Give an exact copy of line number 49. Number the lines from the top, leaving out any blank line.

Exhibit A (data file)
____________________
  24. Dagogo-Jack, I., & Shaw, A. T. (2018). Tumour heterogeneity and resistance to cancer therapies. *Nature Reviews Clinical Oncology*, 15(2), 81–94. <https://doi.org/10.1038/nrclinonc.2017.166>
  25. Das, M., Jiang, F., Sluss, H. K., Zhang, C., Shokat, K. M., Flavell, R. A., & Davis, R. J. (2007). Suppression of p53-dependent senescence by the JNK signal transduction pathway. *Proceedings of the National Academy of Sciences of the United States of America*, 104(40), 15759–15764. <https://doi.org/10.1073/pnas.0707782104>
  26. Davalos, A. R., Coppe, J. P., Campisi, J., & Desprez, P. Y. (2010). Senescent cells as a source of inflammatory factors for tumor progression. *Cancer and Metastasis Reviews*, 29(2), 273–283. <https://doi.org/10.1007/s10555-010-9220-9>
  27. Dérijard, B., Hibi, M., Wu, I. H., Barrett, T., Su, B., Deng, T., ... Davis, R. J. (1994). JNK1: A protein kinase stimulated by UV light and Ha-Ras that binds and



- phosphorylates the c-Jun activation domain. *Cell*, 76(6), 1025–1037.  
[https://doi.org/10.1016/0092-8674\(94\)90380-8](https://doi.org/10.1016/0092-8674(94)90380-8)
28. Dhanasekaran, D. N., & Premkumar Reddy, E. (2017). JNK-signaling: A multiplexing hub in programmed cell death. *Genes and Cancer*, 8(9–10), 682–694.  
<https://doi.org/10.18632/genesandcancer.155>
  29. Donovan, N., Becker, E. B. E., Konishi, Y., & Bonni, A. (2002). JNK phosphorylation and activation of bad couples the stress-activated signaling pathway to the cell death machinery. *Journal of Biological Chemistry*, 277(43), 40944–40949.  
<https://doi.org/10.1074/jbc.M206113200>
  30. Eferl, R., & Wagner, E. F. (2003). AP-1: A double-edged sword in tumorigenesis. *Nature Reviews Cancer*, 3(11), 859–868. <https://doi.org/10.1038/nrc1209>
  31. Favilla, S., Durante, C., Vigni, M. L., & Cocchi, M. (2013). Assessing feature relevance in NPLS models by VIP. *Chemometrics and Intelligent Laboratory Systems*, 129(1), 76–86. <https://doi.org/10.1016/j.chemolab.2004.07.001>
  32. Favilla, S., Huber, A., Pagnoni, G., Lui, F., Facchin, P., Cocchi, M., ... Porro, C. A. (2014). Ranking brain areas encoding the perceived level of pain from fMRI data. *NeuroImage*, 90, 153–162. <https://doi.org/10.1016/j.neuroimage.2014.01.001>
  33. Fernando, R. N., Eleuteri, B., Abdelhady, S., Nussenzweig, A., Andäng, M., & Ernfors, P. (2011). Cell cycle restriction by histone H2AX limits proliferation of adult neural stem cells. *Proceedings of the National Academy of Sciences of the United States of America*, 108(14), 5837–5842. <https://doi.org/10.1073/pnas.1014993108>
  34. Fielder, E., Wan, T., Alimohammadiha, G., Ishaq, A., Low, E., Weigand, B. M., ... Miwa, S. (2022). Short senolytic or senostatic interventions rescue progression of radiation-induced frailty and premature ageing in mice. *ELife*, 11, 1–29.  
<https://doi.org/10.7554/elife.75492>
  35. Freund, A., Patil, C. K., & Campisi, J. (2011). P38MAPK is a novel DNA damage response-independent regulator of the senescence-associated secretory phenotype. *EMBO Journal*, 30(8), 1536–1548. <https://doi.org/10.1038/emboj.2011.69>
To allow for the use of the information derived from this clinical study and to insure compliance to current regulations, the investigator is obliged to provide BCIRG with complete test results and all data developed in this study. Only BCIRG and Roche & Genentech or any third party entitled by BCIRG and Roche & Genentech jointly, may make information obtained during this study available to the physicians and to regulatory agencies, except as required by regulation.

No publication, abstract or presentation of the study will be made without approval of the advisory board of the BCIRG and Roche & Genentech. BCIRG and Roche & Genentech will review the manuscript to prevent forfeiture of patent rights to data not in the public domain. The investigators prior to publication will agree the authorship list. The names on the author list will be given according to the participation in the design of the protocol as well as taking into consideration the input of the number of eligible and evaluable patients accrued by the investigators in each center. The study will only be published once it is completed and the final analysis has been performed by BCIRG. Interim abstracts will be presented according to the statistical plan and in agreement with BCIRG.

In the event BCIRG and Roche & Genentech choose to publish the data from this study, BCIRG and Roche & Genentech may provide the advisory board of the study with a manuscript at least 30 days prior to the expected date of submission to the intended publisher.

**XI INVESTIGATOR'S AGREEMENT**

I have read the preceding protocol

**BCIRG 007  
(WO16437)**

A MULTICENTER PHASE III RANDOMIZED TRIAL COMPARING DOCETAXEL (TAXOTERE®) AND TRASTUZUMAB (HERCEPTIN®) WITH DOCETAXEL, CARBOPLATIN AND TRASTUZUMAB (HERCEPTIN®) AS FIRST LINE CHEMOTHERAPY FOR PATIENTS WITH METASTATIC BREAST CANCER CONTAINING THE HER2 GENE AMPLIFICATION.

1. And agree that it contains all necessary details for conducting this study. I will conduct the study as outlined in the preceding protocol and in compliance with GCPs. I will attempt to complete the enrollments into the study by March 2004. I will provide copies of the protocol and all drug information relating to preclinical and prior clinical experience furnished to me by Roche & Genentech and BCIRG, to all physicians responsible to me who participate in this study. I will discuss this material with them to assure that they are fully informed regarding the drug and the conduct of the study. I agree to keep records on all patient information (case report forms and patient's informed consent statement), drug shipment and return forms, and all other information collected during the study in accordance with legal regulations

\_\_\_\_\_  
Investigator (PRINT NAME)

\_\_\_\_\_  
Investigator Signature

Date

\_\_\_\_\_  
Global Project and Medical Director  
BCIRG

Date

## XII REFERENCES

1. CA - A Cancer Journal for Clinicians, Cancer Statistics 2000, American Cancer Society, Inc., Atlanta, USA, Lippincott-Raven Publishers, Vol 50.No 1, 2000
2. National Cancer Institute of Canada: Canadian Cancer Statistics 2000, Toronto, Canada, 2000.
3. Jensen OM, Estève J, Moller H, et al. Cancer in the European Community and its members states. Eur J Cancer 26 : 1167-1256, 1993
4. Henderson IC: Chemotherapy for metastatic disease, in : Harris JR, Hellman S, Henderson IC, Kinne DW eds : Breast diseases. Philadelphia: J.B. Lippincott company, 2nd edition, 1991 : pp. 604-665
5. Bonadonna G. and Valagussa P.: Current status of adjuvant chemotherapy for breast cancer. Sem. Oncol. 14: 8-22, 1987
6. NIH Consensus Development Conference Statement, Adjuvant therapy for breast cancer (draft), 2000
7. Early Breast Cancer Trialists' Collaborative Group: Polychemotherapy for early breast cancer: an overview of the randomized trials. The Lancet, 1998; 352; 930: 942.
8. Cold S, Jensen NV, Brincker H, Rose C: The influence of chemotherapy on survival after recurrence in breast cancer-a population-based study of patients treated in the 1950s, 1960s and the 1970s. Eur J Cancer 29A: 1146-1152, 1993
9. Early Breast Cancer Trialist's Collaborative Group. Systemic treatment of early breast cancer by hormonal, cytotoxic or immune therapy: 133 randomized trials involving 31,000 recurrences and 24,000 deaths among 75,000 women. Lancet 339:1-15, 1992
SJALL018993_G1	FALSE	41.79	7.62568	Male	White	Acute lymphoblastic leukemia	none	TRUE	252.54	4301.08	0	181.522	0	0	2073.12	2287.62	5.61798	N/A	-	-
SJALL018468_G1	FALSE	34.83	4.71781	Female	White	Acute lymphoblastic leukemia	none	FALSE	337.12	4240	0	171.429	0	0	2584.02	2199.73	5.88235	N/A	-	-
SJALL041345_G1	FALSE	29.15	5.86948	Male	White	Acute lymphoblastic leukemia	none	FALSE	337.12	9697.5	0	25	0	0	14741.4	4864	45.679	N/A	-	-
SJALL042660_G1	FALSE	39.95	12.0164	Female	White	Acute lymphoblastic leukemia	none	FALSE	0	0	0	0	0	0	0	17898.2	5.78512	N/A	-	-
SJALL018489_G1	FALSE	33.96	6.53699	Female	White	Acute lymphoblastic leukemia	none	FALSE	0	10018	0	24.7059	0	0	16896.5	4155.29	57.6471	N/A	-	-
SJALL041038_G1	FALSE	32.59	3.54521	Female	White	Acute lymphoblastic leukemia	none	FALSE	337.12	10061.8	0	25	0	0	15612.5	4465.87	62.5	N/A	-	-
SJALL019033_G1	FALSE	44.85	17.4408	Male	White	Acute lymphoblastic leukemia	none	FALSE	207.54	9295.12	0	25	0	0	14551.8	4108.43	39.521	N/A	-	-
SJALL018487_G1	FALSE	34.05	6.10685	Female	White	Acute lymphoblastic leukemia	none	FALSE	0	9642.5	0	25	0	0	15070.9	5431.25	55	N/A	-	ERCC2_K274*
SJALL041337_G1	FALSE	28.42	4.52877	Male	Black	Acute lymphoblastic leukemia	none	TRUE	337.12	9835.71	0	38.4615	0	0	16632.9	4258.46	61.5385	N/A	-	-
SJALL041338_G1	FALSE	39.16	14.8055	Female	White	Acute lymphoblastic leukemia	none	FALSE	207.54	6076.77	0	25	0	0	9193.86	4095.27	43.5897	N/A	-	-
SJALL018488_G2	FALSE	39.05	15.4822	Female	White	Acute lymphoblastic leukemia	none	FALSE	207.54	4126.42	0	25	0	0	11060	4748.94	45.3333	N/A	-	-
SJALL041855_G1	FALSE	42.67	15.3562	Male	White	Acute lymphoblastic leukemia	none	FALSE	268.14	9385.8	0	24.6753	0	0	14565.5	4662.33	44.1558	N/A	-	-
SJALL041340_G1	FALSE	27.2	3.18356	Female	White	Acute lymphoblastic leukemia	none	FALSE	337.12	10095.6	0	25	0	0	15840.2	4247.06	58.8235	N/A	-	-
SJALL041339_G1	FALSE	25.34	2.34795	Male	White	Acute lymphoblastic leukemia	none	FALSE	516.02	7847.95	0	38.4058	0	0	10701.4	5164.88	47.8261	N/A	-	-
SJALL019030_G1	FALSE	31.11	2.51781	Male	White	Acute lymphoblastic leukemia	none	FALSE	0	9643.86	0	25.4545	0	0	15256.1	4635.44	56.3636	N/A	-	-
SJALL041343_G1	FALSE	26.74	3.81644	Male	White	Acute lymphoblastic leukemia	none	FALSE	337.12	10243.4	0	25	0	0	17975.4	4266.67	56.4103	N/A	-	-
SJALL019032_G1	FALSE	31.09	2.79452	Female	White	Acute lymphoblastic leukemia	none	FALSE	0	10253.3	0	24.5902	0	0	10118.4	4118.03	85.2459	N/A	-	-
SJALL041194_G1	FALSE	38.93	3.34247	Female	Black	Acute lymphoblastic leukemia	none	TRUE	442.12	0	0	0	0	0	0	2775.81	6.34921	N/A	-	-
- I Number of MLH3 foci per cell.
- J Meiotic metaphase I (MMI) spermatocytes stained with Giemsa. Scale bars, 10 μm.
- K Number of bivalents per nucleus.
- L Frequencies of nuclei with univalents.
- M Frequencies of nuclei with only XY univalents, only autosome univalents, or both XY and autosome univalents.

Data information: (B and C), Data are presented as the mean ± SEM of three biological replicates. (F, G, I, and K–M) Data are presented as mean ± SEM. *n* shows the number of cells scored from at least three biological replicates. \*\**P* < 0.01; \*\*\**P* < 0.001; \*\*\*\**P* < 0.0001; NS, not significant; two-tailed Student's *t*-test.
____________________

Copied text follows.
SJALL042660_G1	FALSE	39.95	12.0164	Female	White	Acute lymphoblastic leukemia	none	FALSE	0	0	0	0	0	0	0	17898.2	5.78512	N/A	-	-